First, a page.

- Coding books and ebooks


3. Lust - Overcomplicating

Lust loved the complicated details. It felt so good to understand them inside and out, and incorporating them successfully felt even better. But Lust was so obsessed with fancy techniques that they were tempted to incorporate them just for fun, even though simpler solutions would've sufficed.


"Can I somehow squeeze in Singleton, Factory, and Observer? I love them all so much; so much detail, so much complexity. Ooh, and I love if-else statements!" Lust squealed with excitement. "And loops! I can't leave those out. You know, this code would look even prettier with more switch cases! Forget the boring, simple arrays and dictionaries; I'll customize my own!"


An excellent programmer doesn't pack their code with tool they've ever learned. Instead, they know when to simplify. Sure, frameworks and libraries can streamline development, but it's important to identify when a project has become more complex than it needs to be.


Lustful developers create deeply nested if-else statements, loops, and switch cases, making the code hard to read and debug. Instead of using basic data structures, they implement intricate, custom ones that are harder to understand and maintain. In object-oriented programming, lustful developers might create deep class hierarchies with multiple levels of inheritance, leading to even more complexity and confusion.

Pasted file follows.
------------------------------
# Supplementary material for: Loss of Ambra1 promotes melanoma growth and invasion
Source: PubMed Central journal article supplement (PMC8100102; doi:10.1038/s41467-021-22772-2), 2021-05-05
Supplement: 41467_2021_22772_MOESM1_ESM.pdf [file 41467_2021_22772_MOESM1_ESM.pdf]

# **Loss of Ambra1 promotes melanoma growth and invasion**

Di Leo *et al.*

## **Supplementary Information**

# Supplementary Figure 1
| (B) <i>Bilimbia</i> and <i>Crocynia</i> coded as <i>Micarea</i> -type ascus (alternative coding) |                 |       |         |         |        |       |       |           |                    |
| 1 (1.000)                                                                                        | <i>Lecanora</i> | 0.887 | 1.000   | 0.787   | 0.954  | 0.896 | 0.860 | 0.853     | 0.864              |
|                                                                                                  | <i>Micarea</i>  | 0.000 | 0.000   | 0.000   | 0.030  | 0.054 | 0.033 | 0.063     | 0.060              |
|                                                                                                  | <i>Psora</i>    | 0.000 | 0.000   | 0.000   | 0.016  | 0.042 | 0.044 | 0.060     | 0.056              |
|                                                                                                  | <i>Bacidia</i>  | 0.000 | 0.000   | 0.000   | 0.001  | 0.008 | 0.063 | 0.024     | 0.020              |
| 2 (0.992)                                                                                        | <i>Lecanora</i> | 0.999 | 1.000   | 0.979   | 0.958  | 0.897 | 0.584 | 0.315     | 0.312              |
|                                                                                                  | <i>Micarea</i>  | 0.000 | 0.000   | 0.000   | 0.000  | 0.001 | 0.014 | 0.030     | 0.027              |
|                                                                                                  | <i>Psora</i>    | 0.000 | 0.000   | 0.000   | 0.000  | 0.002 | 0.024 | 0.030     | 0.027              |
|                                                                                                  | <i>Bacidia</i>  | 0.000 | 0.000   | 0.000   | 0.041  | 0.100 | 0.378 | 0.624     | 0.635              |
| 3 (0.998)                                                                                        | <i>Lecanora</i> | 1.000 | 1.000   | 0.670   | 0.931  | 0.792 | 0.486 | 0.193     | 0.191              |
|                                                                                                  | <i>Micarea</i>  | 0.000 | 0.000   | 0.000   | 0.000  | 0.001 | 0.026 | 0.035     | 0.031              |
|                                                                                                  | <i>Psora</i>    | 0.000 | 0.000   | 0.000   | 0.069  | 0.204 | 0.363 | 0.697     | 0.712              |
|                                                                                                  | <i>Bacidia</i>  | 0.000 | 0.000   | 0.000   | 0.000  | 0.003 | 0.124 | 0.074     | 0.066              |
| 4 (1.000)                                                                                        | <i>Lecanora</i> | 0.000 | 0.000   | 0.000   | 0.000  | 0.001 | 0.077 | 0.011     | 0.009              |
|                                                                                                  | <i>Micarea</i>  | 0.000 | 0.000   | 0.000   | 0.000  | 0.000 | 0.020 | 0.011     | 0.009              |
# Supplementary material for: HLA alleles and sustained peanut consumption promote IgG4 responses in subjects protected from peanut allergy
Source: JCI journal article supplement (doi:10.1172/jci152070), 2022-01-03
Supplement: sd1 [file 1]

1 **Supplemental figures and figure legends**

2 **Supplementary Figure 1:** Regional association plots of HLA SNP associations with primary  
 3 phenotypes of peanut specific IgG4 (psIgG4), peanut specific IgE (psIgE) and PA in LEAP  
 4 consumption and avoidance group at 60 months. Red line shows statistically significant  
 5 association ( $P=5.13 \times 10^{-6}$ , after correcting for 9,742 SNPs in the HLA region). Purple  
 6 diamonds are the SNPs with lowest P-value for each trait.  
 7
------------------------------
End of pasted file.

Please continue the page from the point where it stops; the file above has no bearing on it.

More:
Overusing functional programming concepts like higher-order functions, monads, or currying can make code harder to understand for those who are not well-versed in those techniques. They may use intricate regular expressions for simple text parsing tasks when simpler methods like string manipulation would be more appropriate.


In all these cases, the temptation to overcomplicate code can be compared to the deadly sin of lust – the desire for complexity and sophistication even when there's a more practical solution. In the world of programming, simplicity and clarity often lead to maintainable and bug-free code.


4. Envy - Not-Invented-Here (NIH) Syndrome

Envy always had a problem sharing. Instead of using well-established existing solutions, Envy would reject them and create their own instead.


While Envy would say that other's solutions were inferior, they were really just jealous that someone else came up with them first.